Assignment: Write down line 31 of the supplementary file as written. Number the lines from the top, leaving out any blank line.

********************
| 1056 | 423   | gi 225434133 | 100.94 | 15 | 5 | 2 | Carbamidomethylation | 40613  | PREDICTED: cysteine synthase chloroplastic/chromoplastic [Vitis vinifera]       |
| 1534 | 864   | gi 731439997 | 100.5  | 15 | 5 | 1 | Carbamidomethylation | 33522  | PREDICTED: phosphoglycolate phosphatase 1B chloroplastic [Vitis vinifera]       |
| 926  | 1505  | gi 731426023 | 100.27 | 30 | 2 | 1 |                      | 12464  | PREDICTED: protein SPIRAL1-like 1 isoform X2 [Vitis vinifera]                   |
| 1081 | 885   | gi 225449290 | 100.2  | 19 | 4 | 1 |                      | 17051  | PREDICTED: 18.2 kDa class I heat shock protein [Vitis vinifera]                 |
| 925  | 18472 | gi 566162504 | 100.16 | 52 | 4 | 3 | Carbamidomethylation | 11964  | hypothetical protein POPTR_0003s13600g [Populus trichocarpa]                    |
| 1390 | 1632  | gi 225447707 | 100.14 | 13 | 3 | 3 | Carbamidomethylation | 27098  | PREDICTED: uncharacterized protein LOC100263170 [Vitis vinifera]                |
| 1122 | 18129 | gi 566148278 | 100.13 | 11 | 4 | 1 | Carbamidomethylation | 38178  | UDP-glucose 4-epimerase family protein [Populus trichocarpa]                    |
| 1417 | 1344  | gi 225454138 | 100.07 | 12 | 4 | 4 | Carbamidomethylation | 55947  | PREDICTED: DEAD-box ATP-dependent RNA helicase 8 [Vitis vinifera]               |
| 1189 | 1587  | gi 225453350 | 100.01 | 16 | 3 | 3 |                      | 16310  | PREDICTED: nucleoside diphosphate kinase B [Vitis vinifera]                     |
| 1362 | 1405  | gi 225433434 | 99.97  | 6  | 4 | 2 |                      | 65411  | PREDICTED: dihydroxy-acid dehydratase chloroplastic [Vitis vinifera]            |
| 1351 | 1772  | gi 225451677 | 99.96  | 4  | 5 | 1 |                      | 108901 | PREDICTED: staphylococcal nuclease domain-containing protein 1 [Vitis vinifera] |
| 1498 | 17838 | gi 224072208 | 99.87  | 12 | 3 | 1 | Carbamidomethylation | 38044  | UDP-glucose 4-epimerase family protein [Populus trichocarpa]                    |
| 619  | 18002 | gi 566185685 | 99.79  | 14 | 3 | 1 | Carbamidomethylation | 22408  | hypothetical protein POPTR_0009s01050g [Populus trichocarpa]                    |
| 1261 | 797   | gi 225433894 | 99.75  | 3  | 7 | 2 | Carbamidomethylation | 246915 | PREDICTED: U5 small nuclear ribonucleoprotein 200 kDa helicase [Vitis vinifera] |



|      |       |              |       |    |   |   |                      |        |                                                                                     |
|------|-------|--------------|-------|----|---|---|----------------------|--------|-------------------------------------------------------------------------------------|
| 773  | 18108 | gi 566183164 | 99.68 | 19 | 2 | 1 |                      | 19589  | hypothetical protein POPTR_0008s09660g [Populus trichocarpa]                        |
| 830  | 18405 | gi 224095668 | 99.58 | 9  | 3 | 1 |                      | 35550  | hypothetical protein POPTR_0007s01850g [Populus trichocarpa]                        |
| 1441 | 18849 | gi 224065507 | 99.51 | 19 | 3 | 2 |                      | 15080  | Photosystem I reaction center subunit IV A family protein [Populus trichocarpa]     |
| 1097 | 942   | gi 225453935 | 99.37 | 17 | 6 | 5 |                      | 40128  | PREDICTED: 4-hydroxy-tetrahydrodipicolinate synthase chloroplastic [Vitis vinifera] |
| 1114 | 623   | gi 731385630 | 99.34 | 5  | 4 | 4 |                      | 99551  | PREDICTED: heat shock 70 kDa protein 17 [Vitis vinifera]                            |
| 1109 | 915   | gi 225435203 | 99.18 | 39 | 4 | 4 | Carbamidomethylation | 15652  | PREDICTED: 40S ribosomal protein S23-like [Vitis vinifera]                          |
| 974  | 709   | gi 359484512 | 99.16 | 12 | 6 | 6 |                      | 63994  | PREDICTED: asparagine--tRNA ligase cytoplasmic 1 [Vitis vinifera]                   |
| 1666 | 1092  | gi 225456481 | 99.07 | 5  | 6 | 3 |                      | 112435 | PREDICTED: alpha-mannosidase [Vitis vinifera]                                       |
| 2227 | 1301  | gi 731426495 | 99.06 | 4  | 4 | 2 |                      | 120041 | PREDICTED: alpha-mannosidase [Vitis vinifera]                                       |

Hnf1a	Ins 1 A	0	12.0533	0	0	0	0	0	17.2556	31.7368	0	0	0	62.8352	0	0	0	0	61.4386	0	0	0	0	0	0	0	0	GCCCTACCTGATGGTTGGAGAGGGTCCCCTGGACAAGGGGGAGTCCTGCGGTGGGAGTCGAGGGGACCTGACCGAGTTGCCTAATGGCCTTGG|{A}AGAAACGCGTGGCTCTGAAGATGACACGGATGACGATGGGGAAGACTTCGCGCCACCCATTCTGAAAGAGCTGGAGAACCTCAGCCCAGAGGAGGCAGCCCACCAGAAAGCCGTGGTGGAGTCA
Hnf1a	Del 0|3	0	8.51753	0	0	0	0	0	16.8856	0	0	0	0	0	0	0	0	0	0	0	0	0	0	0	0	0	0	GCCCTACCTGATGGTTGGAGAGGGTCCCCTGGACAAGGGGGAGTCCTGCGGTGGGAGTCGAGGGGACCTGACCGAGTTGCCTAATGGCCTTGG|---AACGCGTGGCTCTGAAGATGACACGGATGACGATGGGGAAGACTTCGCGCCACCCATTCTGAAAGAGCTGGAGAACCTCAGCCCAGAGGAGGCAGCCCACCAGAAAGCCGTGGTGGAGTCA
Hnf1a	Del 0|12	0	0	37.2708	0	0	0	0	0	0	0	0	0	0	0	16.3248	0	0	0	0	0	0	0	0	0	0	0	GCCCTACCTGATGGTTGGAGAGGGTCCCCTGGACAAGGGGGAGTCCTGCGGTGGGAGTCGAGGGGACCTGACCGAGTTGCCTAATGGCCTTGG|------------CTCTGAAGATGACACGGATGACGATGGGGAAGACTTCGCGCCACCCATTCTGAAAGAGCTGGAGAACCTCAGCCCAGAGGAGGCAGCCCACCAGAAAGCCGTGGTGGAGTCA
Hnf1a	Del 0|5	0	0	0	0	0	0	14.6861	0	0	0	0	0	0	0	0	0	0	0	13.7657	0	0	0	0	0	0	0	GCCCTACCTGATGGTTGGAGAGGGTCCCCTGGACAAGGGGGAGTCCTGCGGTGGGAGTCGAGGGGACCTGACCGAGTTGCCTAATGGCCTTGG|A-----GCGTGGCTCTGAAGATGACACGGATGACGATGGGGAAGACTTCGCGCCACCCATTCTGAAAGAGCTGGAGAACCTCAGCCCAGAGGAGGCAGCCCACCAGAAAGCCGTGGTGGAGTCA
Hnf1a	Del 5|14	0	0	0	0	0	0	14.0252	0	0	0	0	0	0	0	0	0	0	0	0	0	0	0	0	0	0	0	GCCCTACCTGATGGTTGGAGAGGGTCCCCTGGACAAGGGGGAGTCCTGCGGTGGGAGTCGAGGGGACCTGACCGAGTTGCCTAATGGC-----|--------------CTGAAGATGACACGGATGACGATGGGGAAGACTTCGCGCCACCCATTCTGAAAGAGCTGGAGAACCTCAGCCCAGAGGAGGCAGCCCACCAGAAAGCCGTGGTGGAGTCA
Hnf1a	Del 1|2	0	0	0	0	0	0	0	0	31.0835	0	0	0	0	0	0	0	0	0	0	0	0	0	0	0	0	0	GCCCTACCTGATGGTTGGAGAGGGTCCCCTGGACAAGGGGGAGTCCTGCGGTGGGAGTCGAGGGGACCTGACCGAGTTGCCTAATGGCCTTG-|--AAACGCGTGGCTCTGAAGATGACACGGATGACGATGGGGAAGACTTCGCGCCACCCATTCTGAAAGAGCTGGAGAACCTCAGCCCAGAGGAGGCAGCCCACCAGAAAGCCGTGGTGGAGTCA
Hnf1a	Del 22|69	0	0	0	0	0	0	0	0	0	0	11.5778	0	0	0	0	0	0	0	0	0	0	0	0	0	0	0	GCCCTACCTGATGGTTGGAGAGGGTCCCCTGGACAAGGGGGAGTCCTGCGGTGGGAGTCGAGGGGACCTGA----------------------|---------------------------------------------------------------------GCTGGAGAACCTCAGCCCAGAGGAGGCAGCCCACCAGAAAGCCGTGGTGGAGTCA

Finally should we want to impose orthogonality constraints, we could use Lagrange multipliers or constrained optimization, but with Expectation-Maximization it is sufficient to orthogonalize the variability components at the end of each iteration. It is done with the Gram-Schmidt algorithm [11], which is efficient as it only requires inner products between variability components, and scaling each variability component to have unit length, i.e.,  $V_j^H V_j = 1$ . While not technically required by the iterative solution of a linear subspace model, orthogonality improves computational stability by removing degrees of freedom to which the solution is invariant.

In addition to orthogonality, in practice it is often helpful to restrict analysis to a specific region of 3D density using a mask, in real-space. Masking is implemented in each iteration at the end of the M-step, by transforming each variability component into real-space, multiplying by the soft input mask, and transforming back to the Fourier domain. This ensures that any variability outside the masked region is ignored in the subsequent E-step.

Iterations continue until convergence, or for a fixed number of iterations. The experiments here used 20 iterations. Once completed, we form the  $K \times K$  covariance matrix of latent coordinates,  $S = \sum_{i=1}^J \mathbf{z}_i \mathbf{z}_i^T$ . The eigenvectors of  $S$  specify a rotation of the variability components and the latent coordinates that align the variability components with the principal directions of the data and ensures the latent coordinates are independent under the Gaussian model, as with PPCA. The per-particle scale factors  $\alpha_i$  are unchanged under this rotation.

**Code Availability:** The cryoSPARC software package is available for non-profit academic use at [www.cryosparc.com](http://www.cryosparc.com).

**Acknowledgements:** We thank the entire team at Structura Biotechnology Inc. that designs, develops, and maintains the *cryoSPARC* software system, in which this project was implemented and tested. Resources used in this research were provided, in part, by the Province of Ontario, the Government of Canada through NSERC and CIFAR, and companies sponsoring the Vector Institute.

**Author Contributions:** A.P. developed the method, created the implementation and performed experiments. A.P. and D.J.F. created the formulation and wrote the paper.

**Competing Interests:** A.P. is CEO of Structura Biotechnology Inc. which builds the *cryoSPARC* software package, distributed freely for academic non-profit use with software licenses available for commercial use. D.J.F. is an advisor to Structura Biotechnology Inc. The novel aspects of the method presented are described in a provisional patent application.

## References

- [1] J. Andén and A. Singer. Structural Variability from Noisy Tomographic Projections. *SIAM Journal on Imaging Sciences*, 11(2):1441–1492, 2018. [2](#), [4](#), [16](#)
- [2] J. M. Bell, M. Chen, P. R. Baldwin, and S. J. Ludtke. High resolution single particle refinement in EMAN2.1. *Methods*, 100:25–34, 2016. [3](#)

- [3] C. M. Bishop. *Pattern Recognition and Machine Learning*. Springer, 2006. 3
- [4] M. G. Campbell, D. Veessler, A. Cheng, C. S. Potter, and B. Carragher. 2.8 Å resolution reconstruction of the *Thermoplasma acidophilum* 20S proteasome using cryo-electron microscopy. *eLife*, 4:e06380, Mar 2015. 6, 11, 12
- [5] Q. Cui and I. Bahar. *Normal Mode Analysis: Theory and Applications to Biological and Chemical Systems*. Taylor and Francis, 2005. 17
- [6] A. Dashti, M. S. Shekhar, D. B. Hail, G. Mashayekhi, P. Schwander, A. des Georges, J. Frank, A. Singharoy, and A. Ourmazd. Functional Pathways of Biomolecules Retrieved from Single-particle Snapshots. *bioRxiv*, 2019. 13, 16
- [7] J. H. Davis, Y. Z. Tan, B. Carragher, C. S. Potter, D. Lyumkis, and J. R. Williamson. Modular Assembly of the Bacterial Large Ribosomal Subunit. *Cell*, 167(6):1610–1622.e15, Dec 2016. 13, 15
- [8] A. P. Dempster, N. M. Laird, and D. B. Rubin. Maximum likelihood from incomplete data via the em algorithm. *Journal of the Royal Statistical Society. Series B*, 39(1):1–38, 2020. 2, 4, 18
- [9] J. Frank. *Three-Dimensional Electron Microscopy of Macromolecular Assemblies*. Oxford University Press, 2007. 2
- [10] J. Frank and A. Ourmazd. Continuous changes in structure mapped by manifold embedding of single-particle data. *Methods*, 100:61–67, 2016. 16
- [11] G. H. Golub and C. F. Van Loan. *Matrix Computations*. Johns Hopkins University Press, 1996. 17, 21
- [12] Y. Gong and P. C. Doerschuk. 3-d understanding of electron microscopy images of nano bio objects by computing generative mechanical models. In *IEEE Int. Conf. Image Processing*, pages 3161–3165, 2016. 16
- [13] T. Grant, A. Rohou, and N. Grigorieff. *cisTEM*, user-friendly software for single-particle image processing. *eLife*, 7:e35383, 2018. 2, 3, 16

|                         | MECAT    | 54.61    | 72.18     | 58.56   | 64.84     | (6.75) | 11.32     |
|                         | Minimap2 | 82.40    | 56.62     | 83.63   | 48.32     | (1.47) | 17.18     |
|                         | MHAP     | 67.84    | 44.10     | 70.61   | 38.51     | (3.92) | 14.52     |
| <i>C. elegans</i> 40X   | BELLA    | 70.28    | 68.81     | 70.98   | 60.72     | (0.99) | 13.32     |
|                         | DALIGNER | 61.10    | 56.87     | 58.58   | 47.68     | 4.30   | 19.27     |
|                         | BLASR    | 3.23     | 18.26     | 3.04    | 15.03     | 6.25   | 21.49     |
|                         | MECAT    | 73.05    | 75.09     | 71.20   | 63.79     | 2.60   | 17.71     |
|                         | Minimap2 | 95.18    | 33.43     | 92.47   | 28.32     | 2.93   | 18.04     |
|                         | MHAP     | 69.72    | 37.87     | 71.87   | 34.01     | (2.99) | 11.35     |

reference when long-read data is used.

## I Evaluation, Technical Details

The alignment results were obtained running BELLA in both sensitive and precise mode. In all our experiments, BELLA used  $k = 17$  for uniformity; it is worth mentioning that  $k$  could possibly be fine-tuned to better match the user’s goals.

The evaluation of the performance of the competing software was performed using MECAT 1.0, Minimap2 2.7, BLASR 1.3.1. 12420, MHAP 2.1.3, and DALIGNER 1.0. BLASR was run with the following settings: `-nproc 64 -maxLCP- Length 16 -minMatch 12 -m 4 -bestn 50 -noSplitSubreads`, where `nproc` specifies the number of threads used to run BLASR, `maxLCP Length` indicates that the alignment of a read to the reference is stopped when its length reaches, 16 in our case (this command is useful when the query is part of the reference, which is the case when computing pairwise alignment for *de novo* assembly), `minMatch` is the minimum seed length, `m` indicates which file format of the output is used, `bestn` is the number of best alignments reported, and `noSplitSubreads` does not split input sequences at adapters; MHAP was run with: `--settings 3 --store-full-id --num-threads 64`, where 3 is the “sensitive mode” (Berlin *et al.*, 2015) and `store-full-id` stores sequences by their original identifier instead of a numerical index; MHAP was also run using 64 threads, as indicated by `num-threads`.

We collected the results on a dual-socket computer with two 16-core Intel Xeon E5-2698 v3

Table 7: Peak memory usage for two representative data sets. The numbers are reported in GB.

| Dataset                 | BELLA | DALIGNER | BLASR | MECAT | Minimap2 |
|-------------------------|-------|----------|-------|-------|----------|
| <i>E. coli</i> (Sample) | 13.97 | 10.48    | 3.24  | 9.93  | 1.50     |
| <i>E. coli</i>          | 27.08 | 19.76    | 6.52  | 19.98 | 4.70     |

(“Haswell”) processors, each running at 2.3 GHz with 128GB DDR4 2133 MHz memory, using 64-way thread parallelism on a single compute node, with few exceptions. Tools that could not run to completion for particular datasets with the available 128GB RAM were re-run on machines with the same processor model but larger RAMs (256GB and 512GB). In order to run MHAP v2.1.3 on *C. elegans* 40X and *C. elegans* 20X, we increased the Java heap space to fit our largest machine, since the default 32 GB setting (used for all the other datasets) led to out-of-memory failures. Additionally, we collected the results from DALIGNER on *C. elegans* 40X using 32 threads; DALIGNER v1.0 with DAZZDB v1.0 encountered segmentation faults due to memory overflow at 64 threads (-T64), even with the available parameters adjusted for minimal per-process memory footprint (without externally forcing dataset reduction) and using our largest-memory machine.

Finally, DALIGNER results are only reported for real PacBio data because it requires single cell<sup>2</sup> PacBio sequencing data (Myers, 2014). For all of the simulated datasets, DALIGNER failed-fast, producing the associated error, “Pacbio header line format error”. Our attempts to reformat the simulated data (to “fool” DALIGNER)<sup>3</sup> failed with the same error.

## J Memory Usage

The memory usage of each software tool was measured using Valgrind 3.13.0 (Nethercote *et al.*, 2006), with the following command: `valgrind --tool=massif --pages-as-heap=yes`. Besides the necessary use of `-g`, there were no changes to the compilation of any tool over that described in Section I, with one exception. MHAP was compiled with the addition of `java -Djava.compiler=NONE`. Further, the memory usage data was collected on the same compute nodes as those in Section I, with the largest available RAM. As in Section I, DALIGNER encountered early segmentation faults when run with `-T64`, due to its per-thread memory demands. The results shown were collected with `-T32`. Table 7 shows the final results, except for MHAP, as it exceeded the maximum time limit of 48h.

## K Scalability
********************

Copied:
Hnf1a	Del 1|2	0	0	0	0	0	0	0	0	31.0835	0	0	0	0	0	0	0	0	0	0	0	0	0	0	0	0	0	GCCCTACCTGATGGTTGGAGAGGGTCCCCTGGACAAGGGGGAGTCCTGCGGTGGGAGTCGAGGGGACCTGACCGAGTTGCCTAATGGCCTTG-|--AAACGCGTGGCTCTGAAGATGACACGGATGACGATGGGGAAGACTTCGCGCCACCCATTCTGAAAGAGCTGGAGAACCTCAGCCCAGAGGAGGCAGCCCACCAGAAAGCCGTGGTGGAGTCA